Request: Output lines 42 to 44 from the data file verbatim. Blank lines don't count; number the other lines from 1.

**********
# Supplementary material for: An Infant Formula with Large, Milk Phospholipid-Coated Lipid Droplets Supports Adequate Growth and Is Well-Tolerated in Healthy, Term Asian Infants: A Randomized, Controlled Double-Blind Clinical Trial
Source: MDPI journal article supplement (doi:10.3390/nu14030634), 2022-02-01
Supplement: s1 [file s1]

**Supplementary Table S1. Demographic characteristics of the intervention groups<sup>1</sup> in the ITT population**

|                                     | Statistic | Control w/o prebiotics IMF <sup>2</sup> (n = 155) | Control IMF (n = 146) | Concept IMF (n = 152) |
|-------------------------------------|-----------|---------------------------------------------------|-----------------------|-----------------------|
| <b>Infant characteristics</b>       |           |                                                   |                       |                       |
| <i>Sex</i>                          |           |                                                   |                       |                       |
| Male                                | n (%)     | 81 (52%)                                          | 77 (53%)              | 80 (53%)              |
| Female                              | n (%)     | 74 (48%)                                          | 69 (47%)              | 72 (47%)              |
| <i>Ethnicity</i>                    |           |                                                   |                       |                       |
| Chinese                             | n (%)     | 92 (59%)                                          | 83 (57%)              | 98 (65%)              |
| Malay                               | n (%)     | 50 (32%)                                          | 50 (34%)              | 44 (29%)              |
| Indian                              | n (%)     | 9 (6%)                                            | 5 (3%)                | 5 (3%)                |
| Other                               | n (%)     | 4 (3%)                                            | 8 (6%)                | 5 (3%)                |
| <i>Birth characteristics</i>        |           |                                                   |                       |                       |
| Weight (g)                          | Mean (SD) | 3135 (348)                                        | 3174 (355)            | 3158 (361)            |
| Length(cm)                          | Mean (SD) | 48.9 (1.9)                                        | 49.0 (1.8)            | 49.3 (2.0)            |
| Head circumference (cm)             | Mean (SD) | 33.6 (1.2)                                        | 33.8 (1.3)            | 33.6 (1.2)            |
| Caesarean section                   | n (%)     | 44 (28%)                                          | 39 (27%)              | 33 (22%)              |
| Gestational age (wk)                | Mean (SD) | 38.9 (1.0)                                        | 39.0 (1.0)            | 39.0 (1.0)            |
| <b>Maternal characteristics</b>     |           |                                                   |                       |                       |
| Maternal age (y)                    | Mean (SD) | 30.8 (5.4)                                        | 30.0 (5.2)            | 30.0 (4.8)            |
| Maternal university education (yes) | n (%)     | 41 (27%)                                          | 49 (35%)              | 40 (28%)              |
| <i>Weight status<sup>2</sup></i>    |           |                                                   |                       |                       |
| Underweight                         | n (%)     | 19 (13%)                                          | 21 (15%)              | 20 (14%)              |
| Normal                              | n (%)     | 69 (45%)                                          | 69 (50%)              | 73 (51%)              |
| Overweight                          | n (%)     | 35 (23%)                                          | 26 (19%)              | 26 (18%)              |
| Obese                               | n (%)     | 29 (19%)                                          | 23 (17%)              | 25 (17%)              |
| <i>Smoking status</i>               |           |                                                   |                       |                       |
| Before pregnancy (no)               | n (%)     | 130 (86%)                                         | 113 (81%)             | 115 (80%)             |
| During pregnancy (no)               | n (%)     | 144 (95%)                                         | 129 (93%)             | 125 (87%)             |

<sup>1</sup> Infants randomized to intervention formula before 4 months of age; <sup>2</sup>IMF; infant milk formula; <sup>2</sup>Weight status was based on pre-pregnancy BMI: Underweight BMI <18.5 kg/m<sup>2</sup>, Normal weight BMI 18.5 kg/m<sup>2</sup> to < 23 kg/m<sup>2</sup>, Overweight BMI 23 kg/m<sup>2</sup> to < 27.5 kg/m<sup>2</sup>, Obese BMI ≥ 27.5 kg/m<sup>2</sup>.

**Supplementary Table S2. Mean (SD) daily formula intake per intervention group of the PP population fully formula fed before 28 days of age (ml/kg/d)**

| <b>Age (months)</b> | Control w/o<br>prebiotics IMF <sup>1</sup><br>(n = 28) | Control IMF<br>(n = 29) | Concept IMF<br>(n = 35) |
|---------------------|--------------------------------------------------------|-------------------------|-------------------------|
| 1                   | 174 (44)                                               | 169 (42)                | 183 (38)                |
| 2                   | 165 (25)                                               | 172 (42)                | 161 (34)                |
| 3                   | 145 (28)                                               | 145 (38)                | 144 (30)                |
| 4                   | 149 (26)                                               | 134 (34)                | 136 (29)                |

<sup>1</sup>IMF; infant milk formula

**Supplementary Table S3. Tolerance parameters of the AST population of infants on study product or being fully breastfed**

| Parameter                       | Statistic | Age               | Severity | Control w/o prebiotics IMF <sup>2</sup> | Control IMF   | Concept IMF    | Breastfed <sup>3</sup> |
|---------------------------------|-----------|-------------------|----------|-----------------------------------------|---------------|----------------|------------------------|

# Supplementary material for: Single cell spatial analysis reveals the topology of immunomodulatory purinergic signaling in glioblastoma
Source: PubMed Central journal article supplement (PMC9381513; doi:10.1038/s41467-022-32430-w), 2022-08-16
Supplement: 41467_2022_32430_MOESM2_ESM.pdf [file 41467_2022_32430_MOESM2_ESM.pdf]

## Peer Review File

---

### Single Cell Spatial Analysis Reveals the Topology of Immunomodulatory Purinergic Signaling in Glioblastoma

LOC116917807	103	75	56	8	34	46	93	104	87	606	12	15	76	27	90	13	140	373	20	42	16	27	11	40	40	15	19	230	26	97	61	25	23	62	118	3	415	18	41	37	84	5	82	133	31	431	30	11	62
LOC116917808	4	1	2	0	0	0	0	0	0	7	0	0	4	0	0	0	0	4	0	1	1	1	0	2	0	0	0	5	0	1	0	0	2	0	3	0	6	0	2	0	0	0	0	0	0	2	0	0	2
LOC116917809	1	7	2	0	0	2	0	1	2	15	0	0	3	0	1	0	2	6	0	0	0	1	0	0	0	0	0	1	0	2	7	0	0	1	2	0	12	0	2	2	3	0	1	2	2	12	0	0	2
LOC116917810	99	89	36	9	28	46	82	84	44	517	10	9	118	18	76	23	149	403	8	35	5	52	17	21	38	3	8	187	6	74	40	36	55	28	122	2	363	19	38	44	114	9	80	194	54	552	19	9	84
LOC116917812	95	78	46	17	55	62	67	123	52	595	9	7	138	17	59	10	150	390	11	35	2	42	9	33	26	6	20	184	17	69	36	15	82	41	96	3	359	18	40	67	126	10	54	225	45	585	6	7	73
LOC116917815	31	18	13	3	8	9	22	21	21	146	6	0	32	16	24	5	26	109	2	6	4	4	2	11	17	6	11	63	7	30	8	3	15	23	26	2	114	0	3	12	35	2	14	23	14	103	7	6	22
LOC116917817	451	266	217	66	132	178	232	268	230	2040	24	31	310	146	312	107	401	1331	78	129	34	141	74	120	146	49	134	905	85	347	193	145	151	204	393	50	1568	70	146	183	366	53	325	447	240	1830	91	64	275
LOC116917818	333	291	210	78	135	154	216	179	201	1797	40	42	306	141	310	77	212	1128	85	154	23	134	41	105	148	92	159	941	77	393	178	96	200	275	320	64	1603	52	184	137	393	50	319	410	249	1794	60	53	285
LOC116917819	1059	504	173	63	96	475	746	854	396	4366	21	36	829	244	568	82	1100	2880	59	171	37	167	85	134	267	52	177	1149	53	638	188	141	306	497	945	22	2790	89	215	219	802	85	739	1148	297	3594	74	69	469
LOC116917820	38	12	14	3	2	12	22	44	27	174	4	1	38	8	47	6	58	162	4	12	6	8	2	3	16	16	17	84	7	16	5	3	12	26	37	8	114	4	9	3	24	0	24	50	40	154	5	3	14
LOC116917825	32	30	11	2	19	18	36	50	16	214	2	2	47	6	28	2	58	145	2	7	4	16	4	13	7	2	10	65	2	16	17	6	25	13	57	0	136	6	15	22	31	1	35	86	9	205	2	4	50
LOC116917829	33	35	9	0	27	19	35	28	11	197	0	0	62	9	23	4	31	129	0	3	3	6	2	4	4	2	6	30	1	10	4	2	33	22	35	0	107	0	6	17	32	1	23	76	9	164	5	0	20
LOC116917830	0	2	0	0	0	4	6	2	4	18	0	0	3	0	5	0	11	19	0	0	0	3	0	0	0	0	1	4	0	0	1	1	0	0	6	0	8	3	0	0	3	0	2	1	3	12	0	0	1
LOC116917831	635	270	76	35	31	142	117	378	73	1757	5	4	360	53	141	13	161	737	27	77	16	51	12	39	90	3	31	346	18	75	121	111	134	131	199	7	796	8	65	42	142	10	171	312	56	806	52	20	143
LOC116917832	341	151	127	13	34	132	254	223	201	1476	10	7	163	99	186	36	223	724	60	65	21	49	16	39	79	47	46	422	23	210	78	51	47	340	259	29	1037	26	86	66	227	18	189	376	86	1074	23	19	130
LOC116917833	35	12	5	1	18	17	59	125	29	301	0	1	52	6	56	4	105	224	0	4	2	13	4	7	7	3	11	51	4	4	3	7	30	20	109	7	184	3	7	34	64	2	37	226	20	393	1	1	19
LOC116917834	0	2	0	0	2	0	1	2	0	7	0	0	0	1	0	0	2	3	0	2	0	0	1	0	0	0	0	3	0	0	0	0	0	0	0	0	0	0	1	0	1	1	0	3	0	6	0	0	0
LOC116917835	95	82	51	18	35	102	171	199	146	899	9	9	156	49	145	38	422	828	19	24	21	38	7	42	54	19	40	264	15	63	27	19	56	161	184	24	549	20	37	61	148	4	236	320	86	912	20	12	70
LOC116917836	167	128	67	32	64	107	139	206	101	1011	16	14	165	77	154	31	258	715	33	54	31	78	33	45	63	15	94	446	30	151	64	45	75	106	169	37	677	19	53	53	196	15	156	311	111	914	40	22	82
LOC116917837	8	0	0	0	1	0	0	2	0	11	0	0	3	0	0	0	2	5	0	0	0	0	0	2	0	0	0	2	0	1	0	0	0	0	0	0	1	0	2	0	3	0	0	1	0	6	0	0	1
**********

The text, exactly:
**Supplementary Table S3. Tolerance parameters of the AST population of infants on study product or being fully breastfed**

| Parameter                       | Statistic | Age               | Severity | Control w/o prebiotics IMF <sup>2</sup> | Control IMF   | Concept IMF    | Breastfed <sup>3</sup> |
|---------------------------------|-----------|-------------------|----------|-----------------------------------------|---------------|----------------|------------------------|